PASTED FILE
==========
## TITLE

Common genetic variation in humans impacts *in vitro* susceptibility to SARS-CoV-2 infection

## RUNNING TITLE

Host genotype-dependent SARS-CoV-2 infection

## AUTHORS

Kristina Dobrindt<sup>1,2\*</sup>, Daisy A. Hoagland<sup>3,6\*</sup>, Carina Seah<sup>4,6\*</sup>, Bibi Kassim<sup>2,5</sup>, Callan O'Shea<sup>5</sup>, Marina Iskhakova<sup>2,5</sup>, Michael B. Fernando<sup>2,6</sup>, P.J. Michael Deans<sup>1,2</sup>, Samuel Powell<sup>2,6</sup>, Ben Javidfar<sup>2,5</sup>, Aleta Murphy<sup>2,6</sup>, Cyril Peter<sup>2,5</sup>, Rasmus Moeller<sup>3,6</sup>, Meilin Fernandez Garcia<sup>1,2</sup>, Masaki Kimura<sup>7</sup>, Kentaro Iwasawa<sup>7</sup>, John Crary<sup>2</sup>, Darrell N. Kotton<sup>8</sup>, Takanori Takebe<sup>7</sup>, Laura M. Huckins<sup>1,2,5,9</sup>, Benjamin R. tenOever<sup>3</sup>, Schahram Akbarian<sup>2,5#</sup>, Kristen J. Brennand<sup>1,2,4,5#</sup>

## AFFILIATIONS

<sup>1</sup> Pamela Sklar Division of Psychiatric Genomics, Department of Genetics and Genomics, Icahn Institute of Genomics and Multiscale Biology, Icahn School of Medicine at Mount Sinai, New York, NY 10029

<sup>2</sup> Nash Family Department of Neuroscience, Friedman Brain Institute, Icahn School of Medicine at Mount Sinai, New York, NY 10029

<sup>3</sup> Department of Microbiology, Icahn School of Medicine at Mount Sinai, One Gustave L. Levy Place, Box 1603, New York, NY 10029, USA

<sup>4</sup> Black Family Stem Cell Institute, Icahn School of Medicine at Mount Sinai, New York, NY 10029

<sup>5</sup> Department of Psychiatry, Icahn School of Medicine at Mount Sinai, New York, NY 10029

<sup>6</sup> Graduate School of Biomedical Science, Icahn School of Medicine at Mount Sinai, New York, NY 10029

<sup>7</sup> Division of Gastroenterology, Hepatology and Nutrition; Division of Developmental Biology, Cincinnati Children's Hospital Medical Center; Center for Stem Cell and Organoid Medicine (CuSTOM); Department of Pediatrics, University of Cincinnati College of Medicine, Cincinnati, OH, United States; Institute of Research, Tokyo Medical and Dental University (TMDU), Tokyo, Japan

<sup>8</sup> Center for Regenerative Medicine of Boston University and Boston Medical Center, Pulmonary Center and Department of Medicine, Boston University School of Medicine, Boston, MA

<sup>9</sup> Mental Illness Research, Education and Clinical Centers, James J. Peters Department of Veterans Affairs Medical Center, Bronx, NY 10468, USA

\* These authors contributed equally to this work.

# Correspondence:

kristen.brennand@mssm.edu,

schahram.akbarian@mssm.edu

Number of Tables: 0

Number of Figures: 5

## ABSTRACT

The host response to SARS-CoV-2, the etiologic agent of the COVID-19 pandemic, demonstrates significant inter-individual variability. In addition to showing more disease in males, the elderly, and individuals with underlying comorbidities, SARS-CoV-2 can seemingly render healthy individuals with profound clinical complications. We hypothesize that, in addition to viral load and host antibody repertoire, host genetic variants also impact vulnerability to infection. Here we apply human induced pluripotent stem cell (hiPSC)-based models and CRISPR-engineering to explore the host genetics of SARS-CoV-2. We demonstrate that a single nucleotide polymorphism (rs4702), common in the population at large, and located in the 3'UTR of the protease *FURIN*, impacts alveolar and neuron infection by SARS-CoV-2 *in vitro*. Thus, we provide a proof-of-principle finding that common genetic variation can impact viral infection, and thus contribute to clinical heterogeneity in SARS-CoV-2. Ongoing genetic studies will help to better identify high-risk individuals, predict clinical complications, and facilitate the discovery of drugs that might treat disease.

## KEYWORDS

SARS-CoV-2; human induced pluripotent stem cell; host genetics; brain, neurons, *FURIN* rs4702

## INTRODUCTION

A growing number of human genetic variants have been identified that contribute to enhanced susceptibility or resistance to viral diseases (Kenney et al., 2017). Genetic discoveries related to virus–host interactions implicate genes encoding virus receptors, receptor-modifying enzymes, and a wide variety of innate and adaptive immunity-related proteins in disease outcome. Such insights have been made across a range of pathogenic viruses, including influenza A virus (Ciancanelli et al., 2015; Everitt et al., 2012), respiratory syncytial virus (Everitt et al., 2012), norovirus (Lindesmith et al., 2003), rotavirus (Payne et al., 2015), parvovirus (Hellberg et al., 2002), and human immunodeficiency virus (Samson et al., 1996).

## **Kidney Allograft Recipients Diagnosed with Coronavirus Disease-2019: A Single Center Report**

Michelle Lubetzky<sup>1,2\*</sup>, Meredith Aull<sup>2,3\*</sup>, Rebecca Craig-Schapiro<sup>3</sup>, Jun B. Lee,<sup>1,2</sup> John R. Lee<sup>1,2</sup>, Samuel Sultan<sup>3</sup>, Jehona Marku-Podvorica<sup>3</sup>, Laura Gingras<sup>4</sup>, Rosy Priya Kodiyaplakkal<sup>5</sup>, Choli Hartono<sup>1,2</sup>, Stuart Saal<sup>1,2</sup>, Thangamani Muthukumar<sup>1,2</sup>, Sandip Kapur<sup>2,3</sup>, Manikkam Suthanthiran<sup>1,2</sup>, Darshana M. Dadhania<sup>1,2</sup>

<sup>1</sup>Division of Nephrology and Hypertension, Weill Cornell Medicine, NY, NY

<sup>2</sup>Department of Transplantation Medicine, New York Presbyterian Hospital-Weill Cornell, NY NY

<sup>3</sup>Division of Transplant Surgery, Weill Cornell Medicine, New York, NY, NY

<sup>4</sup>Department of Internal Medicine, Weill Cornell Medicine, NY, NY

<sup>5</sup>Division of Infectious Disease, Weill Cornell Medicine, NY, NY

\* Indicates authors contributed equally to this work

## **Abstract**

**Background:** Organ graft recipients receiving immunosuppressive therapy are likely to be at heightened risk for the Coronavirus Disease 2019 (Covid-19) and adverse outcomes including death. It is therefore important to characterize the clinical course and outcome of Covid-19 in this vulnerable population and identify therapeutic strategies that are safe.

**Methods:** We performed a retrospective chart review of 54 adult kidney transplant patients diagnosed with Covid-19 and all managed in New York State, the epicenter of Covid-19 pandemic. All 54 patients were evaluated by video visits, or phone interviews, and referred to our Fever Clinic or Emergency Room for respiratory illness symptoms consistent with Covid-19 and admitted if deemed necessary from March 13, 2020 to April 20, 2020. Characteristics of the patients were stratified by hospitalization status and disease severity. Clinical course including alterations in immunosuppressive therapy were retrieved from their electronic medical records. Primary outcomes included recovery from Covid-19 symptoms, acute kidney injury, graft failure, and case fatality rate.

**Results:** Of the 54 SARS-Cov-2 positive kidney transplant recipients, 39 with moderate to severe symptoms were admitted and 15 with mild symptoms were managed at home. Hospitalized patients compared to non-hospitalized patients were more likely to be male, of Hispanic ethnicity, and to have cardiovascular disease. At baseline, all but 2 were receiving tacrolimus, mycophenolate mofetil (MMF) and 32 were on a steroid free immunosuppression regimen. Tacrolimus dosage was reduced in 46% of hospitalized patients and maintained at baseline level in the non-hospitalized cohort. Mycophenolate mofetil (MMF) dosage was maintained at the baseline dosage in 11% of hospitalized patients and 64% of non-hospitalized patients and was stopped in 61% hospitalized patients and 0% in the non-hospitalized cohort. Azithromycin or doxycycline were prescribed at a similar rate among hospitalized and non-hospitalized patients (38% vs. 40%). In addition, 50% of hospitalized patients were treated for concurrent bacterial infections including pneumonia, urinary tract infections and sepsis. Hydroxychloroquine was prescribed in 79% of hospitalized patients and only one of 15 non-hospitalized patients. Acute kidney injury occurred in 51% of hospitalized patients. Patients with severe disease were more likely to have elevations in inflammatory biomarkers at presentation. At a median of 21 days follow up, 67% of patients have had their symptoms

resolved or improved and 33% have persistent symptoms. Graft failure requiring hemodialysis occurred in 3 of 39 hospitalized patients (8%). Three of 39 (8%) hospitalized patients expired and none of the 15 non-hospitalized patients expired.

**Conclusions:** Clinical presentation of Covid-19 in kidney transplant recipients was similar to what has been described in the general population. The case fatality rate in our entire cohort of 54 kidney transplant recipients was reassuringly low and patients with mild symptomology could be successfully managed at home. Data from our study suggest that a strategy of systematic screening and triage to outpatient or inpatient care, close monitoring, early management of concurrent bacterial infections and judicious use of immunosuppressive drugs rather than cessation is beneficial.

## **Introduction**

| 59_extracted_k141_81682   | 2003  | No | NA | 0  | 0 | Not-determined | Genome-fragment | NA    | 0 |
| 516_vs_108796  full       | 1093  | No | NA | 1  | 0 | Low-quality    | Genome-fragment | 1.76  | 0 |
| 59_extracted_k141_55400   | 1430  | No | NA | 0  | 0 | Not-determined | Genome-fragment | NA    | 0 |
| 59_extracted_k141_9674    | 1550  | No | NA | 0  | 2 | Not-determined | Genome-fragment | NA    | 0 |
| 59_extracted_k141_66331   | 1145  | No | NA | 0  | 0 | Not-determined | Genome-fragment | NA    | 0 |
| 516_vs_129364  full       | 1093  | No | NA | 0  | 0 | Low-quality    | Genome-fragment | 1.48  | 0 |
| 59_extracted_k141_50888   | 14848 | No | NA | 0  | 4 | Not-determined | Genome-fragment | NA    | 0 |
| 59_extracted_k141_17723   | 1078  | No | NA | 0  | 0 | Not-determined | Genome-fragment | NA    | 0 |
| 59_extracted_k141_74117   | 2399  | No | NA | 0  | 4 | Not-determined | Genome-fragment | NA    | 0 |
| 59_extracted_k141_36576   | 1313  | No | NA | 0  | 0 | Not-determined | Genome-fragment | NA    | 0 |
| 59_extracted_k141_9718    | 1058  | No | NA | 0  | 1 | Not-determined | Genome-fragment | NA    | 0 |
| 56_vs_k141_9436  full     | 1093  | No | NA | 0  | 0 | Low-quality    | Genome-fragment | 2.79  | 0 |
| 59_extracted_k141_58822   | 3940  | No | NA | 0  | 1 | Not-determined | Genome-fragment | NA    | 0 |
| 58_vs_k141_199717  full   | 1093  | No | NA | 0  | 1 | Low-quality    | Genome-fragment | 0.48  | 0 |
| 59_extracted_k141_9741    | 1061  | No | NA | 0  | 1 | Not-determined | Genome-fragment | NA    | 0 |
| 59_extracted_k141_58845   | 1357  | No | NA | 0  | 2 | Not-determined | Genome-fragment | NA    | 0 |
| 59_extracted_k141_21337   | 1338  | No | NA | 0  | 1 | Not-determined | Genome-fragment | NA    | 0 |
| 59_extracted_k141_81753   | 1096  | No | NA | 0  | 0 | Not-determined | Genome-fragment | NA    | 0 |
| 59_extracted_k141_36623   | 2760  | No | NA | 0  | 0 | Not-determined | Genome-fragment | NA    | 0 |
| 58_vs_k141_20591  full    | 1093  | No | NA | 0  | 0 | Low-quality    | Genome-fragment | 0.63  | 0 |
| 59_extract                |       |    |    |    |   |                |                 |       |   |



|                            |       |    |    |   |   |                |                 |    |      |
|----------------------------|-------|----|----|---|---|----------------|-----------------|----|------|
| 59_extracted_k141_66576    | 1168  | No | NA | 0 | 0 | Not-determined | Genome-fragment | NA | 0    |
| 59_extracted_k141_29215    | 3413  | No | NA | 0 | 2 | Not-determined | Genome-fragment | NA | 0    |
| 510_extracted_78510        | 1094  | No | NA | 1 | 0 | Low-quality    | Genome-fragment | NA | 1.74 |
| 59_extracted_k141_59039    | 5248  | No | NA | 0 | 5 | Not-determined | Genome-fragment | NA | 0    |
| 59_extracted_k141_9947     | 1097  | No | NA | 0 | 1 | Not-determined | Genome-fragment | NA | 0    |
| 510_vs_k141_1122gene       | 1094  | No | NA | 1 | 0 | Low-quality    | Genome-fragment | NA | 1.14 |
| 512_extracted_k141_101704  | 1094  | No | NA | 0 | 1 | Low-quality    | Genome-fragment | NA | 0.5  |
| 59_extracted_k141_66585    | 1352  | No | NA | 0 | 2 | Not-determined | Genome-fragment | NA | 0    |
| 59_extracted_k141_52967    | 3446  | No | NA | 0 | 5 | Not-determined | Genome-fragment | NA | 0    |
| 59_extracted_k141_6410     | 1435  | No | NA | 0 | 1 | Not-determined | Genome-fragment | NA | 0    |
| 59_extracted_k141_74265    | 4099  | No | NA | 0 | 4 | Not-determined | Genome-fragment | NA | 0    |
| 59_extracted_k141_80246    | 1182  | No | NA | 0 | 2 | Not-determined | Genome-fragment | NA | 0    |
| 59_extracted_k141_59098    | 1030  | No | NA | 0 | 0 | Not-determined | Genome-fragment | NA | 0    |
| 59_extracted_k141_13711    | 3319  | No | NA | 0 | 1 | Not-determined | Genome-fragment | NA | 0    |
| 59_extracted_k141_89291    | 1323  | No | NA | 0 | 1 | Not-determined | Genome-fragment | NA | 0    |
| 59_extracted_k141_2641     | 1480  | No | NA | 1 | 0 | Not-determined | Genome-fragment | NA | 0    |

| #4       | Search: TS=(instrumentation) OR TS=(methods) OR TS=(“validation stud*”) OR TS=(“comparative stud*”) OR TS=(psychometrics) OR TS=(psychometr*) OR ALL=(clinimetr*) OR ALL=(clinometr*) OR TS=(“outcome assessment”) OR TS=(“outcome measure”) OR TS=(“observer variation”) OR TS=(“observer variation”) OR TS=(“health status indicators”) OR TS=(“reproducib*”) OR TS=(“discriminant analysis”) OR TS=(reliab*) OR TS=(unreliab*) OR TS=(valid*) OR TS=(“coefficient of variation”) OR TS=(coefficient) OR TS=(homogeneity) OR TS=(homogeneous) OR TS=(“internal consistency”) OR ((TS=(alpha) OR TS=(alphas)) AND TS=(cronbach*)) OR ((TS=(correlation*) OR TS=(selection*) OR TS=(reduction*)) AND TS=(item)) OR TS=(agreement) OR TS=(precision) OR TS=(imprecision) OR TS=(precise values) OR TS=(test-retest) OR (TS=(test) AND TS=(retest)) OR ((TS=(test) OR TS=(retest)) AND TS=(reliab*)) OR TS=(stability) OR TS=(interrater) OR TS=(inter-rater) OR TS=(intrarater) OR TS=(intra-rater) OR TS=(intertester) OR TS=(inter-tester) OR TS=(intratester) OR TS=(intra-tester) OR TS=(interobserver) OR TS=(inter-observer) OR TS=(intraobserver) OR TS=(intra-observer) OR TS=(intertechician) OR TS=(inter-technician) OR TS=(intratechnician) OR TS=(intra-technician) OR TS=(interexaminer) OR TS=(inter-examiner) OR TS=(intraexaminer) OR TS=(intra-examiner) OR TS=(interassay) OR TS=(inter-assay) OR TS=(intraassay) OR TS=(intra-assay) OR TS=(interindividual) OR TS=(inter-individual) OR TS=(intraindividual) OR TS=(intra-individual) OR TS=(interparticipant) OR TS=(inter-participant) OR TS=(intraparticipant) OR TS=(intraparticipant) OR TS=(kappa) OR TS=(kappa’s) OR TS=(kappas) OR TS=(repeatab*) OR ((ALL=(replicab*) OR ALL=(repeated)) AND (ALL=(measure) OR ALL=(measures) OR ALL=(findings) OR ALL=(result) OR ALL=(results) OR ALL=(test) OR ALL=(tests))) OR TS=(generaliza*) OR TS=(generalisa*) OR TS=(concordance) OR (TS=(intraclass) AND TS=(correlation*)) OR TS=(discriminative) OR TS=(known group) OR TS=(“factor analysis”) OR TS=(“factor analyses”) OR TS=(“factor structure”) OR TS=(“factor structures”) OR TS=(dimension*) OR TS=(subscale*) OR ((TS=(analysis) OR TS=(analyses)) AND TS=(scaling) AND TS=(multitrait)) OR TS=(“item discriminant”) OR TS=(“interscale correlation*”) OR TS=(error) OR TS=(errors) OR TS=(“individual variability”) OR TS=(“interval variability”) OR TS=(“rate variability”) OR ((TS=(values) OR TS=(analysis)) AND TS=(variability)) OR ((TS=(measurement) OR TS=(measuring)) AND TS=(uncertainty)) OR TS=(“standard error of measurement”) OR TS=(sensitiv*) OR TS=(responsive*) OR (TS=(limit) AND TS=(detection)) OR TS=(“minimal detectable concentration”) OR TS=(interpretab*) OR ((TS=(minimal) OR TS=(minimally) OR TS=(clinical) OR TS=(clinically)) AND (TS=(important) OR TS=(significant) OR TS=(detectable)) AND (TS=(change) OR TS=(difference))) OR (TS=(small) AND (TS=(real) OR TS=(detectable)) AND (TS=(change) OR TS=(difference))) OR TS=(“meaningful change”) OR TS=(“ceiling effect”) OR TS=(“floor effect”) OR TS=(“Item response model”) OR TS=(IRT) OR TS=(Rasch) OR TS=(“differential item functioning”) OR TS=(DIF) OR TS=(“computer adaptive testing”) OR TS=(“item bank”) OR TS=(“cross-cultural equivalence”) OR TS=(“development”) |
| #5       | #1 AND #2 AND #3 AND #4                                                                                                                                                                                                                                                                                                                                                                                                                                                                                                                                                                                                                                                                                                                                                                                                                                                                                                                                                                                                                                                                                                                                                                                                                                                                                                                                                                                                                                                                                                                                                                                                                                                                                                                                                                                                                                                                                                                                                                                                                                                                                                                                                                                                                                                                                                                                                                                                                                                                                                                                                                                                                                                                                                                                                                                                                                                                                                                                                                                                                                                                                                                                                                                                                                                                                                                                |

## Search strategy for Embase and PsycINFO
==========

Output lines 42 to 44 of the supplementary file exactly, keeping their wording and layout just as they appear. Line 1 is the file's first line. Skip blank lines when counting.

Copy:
**Conclusions:** Clinical presentation of Covid-19 in kidney transplant recipients was similar to what has been described in the general population. The case fatality rate in our entire cohort of 54 kidney transplant recipients was reassuringly low and patients with mild symptomology could be successfully managed at home. Data from our study suggest that a strategy of systematic screening and triage to outpatient or inpatient care, close monitoring, early management of concurrent bacterial infections and judicious use of immunosuppressive drugs rather than cessation is beneficial.

## **Introduction**

| 59_extracted_k141_81682   | 2003  | No | NA | 0  | 0 | Not-determined | Genome-fragment | NA    | 0 |